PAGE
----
AS Science Forum Lectures have gone into recess until February I was casting around for ideas for a piece for December.
Then I heard about the talk to be given by Guy McPherson (which I emphasise was not organised by the Whanganui Science Forum).
I found the talk provocative more because of the implied off-stage action than the content itself.
I will mention a few of his points as they serve to illustrate my theme.
Prof McPherson's message is simple. Runaway global warming will make humans extinct in 10 or less years. With a message like that he needs credibility.
He told us that after 18 years successful teaching at the University of Arizona he was told in 2007 that he could no longer teach there.
Without elaboration, he claims this was because he asked his students to consider politically incorrect ideas. The University of Arizona website says much the same (excepting the bit about politically correct ideas) but gives no explanation.
In June of this year he says he received an email from someone who had been placed in his classes by the NSA (National Security Authority) for five years to spy on him.
McPherson came across in his talk as an intelligent, well-read but possibly a personally troubled man.
His main theme described the production and absorption of greenhouse gasses carbon dioxide and methane.
His point was that, once the mean temperature of the atmosphere goes beyond a certain level, these systems develop self-sustaining feedback. This is the same effect as the squeal you get if a microphone is too close to a loudspeaker.
Accumulation of the gasses reduces atmospheric cooling so temperatures rise. The temperature rise increases gas released from things such as melting permafrost causing the temperature rise to become ever faster.
When the tipping point has been reached, the system goes exponential. On a time scale of months after this point humanity becomes extinct.
Mechanisms he describes are well accepted. Where he differs from most other climate scientists is in degree, speed and reversibility. Many climatologists, while accepting that the effect of human action is real, regard it as small compared to naturally caused climate cycles that are totally beyond the scope of humans to affect.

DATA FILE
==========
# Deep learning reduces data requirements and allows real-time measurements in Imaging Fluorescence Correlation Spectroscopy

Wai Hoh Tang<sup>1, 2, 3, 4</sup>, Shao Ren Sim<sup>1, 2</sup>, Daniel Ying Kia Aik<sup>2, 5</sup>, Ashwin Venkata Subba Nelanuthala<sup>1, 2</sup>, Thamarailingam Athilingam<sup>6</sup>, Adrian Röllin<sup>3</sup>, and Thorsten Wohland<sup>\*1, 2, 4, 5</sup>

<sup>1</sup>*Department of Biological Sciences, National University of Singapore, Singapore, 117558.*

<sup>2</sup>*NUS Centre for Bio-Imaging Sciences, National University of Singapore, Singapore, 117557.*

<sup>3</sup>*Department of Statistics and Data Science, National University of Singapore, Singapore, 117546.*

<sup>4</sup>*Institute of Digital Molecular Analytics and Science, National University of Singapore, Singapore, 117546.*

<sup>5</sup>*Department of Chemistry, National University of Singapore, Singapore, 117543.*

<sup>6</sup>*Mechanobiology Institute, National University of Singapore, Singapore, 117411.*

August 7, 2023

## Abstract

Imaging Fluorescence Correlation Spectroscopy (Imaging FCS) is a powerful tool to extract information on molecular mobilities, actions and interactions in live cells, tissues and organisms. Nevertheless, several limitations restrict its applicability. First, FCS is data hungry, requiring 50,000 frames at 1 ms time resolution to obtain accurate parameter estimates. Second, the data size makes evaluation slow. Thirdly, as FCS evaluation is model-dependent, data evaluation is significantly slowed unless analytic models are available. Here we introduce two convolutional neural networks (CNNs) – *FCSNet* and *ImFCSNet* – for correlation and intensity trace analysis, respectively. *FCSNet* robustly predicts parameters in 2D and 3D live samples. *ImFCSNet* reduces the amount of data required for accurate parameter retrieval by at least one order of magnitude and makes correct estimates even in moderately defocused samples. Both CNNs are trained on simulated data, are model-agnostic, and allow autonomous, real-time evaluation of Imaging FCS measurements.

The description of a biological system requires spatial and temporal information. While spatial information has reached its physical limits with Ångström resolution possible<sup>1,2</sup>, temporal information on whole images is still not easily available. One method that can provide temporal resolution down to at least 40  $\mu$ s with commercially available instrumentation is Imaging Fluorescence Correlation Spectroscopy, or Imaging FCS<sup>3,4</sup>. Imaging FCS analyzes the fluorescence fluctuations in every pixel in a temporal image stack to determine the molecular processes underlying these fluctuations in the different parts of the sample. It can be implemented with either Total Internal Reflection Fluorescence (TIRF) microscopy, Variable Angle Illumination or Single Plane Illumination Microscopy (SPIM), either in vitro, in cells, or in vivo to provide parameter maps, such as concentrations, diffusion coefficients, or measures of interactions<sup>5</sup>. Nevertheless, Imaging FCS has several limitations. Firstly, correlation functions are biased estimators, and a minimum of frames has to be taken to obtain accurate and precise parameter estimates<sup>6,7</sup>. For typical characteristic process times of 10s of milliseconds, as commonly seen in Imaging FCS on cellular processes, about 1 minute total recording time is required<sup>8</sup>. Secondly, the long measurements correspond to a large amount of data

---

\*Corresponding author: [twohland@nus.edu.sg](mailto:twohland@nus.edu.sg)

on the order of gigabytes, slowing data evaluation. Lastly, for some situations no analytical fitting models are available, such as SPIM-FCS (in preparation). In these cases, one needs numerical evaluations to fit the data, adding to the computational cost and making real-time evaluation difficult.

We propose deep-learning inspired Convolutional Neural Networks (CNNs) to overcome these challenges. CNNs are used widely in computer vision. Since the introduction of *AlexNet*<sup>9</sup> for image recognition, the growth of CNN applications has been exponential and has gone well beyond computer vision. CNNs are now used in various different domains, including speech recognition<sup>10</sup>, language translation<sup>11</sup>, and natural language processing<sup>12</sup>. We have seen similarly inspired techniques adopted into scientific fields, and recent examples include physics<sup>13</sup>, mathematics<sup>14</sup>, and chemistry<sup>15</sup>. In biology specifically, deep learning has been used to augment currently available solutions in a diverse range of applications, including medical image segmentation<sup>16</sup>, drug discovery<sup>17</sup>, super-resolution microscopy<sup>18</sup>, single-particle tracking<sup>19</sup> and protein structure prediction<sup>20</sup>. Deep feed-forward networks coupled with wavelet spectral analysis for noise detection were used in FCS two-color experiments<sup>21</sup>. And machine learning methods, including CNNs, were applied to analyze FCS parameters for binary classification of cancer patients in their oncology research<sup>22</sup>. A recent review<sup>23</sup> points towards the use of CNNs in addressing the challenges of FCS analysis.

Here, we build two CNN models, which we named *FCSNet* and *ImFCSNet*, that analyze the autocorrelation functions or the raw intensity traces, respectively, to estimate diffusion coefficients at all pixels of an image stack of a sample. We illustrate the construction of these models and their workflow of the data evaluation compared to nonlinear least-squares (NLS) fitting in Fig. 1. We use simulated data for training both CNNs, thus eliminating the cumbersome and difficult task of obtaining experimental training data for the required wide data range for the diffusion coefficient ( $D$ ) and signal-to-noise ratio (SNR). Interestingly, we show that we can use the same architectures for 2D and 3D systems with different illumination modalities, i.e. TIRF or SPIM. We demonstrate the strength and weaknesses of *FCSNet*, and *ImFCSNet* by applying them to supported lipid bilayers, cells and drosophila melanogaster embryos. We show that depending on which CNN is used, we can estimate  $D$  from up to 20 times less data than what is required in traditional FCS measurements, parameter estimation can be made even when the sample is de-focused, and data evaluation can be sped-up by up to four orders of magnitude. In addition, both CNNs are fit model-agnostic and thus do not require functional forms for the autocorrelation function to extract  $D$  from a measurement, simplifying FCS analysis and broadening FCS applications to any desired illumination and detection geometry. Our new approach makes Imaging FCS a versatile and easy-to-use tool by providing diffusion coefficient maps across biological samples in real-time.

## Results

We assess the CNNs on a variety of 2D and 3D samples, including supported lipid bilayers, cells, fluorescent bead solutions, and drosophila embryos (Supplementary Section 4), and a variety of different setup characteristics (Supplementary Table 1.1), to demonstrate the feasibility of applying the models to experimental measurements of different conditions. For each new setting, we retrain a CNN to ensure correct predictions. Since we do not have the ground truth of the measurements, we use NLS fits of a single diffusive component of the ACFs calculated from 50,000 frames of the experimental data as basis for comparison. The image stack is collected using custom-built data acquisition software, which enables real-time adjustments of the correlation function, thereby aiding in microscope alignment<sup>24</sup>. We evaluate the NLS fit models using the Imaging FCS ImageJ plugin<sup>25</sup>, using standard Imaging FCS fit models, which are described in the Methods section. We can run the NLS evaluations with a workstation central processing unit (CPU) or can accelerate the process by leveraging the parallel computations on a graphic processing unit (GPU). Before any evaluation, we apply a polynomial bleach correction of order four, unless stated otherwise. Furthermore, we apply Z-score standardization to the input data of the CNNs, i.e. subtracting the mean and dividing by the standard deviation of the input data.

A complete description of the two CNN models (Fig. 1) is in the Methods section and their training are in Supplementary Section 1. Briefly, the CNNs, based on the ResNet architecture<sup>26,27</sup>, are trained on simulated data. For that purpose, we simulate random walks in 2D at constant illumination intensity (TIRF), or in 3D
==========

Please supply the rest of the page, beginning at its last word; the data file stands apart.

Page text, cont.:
I shall not debate the correctness of different climate models for a simple reason. I have a reasonable understanding of the mechanisms proposed but I have not studied the proposed models in sufficient depth to be able to genuinely compare them and, without being pompous, most people who know me would say I spend more time than most trying to understand how the universe works.
The question I am asking is broader than climate change.
McPherson convincingly littered his talk with the conclusions of other researchers. In the question time a well-informed man quoted evidence from several other sources which contradicted McPherson's findings.
I found the way that he essentially told this audience member to be quiet and dismissed his evidence out of hand rather rude but that is not the point.
A university researcher totally immerses herself in the research she is doing. She becomes an expert.
Most people have neither the time nor the training to understand her research in the same depth. It would be reasonable then to accept her opinions about her research.
Unfortunately, another, no less talented and dedicated researcher looks at the same evidence and comes to a contrary conclusion. How can we come to our own conclusions on such matters?
I admit that if I got to know Prof McPherson well I would probably not like him.
In my day job, I have spent countless hours explaining Isaac Newton's ideas about gravity to high school students.
This is the same sociopathic Isaac Newton who probably never had an emotional bond with anyone in his life. This is the same Isaac Newton who was keen to be present at "experiments" involving cutting open living dogs to see their hearts in action.
We cannot base our opinions about ideas on the likeability of the person who first discovered these ideas.
We have the self-proclaimed narcissist Guy McPherson predicting imminent climatic disaster and Donald Trump, the alleged narcissist and self-proclaimed expert on all things, telling us climate change is a hoax by the Chinese. Take your pick.
The latter part of the talk consisted of vague philosophical ramblings about how to spend the last years of humanity.
Although there was no overt religion in the talk, the final part felt rather like one of those people who stop you in Victoria Avenue, wave a handful of leaflets in your face and ask you how you would spend the rest of the day if the second coming and the rapture were going to happen tomorrow (weather permitting).
This is another way of coping with the problem of complex ideas. Simply accept that you cannot understand but instead put your trust (read faith) in a higher authority (read God) to look after things. Non-religious people defer to experts. In neither case is the problem of understanding solved.
In 1600 Giordano Bruno was burned at the stake for suggesting that stars may have inhabited planets and that matter is composed of atoms. Galileo spent his final 10 years under house arrest for suggesting that the planets orbited the Sun and not the Earth.
Guy McPherson could never claim to be a brain in the league of Galileo but he does claim to have been persecuted for his ideas. Do you call him paranoid or do you spend a few years of your life to become sufficiently learned to make a genuine choice?
One of the greater minds of the 20th Century, Bertrand Russell said, "If you cannot find out if something is true or not then you should suspend judgement".
I did not promise an answer!
**Frank Gibson is a semi-retired teacher of mathematics and physics who has lived in the Whanganui region since 1989.